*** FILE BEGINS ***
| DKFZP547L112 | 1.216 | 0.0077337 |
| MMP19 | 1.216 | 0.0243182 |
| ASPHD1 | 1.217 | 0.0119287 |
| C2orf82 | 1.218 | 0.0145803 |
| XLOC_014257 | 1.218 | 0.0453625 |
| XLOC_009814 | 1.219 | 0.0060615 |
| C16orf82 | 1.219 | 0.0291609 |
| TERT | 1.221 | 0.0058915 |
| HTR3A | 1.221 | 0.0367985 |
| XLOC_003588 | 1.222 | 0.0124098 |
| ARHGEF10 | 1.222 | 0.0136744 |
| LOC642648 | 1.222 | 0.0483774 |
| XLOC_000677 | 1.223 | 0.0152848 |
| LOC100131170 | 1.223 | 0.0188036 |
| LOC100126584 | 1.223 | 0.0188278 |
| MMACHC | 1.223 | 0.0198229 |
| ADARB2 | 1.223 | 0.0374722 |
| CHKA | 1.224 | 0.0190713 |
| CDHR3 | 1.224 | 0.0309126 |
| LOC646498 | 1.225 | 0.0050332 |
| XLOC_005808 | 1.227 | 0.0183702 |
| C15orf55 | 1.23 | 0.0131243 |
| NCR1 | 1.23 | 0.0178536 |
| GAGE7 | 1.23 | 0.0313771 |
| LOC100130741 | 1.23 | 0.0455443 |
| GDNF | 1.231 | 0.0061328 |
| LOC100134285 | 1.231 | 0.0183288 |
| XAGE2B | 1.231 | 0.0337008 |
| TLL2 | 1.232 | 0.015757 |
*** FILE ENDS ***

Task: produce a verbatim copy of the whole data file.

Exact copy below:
| DKFZP547L112 | 1.216 | 0.0077337 |
| MMP19 | 1.216 | 0.0243182 |
| ASPHD1 | 1.217 | 0.0119287 |
| C2orf82 | 1.218 | 0.0145803 |
| XLOC_014257 | 1.218 | 0.0453625 |
| XLOC_009814 | 1.219 | 0.0060615 |
| C16orf82 | 1.219 | 0.0291609 |
| TERT | 1.221 | 0.0058915 |
| HTR3A | 1.221 | 0.0367985 |
| XLOC_003588 | 1.222 | 0.0124098 |
| ARHGEF10 | 1.222 | 0.0136744 |
| LOC642648 | 1.222 | 0.0483774 |
| XLOC_000677 | 1.223 | 0.0152848 |
| LOC100131170 | 1.223 | 0.0188036 |
| LOC100126584 | 1.223 | 0.0188278 |
| MMACHC | 1.223 | 0.0198229 |
| ADARB2 | 1.223 | 0.0374722 |
| CHKA | 1.224 | 0.0190713 |
| CDHR3 | 1.224 | 0.0309126 |
| LOC646498 | 1.225 | 0.0050332 |
| XLOC_005808 | 1.227 | 0.0183702 |
| C15orf55 | 1.23 | 0.0131243 |
| NCR1 | 1.23 | 0.0178536 |
| GAGE7 | 1.23 | 0.0313771 |
| LOC100130741 | 1.23 | 0.0455443 |
| GDNF | 1.231 | 0.0061328 |
| LOC100134285 | 1.231 | 0.0183288 |
| XAGE2B | 1.231 | 0.0337008 |
| TLL2 | 1.232 | 0.015757 |